LINCROFT, N.J. -- When Superstorm Sandy hit New Jersey in October 2012, the damage it wreaked created the need for thousands of necessary projects ranging from debris removal to bridge reconstruction. Sixteen months later, New Jersey’s progress in managing the projects stemming from the impact of the storm has exceeded expectations.
Doug Westermann, Public Assistance Branch Chief at the FEMA New Jersey Sandy Recovery Field Office, says that New Jersey is ahead of schedule on closing out projects on a disaster of this magnitude. New Jersey is planning the final group of projects and working with the state Office of Emergency Management to start closing completed projects.
“This has really only been made possible by the efforts put forth with the State OEM and our Sandy Recovery Office to move forward and not delay the process,” Westermann said.
The closeout process begins when a project is funded and completed. The applicant must certify to the State that the work is finished and all of the allocated money was spent. Small projects are often bundled together under one applicant and can be closed as a group when they are all complete. Large projects must be closed individually. The Final Inspection Report (FIR), which consists of reconciliation of costs for the work performed in dealing with large projects, is initiated. Supporting documents are audited and added to the report, and amendments may be written after overages and/or shortfalls are reconciled. After the report is reviewed by the applicant and grantee, it is then entered into the Emergency Management Mission Integrated Environment (EMMIE) grant tracking program. After that process, the project will be closed, if requested by the grantee.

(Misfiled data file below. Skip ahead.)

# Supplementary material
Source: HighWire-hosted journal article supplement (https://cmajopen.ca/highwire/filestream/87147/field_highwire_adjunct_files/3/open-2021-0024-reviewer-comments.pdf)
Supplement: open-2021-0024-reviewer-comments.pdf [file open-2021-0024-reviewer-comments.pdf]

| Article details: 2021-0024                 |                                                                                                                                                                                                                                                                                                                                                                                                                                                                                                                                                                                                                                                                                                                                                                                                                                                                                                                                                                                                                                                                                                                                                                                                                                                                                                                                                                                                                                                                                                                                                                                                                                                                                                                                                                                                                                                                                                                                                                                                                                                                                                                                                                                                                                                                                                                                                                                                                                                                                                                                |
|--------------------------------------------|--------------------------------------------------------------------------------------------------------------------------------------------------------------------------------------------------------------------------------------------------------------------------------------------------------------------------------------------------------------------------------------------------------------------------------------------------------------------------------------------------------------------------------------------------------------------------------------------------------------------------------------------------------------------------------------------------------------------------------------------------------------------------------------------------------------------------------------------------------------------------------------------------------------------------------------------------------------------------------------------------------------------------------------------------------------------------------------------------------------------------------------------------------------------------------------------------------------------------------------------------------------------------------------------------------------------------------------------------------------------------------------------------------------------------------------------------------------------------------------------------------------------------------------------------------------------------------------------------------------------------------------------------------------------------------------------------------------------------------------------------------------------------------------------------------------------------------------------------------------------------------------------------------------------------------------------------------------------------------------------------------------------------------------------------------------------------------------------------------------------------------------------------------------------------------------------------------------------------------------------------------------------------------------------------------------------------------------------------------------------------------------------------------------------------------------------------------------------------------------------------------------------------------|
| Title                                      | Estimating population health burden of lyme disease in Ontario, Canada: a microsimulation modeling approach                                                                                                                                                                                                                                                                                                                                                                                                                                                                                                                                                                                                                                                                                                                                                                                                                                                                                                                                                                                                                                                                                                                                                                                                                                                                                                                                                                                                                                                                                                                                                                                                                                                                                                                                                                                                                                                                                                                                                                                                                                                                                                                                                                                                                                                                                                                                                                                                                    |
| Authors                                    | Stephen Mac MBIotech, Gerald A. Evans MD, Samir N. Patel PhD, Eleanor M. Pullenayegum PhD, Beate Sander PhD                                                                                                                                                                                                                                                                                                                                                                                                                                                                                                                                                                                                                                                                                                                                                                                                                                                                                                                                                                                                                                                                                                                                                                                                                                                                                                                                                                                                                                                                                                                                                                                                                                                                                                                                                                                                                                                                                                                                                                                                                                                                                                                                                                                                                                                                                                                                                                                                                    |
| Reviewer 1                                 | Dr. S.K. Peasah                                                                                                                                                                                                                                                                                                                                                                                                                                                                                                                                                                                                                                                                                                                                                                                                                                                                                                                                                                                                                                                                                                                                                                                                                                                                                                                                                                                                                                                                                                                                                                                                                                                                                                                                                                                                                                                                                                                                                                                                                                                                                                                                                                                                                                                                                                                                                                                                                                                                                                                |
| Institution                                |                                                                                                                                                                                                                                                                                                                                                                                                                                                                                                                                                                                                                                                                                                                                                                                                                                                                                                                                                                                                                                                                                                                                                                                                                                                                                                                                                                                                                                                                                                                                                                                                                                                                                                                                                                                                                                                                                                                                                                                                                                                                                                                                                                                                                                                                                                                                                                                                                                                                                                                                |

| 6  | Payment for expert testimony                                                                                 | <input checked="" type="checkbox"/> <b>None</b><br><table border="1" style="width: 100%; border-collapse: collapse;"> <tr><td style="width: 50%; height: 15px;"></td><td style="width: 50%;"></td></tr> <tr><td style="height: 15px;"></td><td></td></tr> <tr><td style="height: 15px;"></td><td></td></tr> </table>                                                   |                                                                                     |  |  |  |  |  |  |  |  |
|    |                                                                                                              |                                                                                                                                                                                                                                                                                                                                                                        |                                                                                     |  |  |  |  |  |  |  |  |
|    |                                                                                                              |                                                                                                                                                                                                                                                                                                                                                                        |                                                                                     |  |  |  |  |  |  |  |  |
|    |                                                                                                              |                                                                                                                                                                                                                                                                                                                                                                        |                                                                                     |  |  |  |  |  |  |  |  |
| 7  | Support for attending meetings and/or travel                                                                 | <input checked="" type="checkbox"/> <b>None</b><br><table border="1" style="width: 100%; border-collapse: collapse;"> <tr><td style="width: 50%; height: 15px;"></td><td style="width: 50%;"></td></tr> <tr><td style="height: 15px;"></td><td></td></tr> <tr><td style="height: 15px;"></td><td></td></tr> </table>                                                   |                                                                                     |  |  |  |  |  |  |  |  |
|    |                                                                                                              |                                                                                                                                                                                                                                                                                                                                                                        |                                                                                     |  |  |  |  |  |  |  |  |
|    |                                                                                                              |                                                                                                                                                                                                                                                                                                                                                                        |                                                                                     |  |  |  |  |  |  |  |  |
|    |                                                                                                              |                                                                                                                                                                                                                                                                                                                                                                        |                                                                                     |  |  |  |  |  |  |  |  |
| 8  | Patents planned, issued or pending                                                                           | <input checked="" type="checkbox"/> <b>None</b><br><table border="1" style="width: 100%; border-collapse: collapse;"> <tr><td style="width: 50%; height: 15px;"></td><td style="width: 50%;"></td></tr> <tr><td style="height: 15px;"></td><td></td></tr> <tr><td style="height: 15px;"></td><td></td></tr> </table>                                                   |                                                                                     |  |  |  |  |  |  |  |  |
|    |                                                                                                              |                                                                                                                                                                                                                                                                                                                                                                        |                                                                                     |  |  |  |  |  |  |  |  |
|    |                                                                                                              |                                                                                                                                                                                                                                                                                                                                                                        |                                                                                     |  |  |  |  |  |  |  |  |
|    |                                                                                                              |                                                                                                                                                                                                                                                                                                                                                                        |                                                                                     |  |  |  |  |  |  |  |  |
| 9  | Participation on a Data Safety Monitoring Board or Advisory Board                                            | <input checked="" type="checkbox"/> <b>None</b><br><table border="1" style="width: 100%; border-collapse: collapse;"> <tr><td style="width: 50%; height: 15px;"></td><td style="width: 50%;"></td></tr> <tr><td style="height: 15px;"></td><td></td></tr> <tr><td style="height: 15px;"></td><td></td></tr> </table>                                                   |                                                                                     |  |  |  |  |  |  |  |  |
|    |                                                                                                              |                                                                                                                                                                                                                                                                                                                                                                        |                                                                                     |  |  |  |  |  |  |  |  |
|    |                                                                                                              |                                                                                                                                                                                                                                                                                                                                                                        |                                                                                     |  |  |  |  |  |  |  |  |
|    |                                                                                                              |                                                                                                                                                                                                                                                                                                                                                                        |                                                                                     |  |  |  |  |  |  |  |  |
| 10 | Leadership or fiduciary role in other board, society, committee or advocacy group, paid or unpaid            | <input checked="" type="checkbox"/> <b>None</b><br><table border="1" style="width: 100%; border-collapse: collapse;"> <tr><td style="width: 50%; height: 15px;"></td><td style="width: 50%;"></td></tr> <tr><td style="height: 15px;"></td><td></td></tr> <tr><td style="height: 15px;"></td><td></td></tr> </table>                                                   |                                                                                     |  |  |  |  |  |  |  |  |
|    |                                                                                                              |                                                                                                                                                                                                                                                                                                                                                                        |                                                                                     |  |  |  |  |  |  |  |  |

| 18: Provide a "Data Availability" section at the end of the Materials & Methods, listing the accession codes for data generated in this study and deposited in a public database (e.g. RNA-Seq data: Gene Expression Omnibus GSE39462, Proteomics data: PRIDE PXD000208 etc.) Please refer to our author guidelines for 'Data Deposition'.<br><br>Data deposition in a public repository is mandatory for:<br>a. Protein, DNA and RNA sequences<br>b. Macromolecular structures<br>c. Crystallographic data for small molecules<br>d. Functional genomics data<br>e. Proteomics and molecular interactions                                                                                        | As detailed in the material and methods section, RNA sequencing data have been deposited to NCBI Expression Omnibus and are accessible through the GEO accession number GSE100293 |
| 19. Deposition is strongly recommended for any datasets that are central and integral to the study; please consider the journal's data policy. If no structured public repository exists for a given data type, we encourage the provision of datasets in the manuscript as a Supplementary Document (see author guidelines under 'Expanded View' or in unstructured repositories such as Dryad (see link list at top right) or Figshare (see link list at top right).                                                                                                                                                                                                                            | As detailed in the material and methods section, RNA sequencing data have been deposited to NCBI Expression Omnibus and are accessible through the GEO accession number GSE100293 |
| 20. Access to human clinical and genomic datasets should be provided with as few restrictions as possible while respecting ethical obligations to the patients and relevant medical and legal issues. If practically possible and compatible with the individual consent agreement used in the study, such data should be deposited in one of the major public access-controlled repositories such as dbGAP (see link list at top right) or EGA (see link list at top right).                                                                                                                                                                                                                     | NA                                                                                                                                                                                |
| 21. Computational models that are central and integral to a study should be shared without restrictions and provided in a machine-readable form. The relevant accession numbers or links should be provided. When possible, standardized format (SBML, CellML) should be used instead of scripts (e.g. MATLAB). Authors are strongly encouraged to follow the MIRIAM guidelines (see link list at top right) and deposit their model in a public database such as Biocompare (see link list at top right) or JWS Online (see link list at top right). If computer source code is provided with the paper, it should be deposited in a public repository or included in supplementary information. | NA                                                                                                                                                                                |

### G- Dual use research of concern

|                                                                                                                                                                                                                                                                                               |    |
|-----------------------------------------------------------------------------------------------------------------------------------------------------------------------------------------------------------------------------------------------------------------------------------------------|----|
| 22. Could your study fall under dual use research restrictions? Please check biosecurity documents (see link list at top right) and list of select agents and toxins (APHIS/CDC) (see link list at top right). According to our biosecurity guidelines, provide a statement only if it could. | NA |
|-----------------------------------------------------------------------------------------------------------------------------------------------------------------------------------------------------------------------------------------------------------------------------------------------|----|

The Public Assistance FAQ at www.fema.gov defines a large project as any incident with damage costs greater than $68,500. Of the estimated 5,103 Public Assistance projects in the system in New Jersey, 1,534 are considered large projects.
Through the Public Assistance program, FEMA grants state governments the funds to reimburse municipalities, county governments and eligible private nonprofit agencies for the repair or replacement of damaged roads and bridges, water-control facilities, public buildings and their contents, publicly owned utilities, and parks and recreation areas. It also includes funds for emergency services and eligible debris-removal costs related to the disaster. FEMA reimbursed these applicants 90 percent of the eligible cost.
Nearly $1.1 billion in Public Assistance grants have been obligated in New Jersey since Sandy struck. Emergency projects, including debris removal and emergency protective measures, have accounted for $729.25 million, while permanent repairs to roads, bridges, water control facilities, utilities and buildings, have cost $359.5 million.
Westermann said FEMA has received 63 projects from the State that are ready to be closed.
Many of the completed projects were short-term emergency projects in which the money was allocated and governmental issues were addressed. Westermann says that Congress mandated several critical changes that have affected how much time applicants have to spend allocated funds, placing greater emphasis on getting the money to them. The Applicants’ Handbook at www.fema.gov/applicant-handbook states that applicants have six months to complete emergency projects and 18 months for permanent projects.
“In order to keep money flowing to the applicants, it is critical to work on closing things out so the state can release the funds that FEMA had obligated during the project development phase,” he said.
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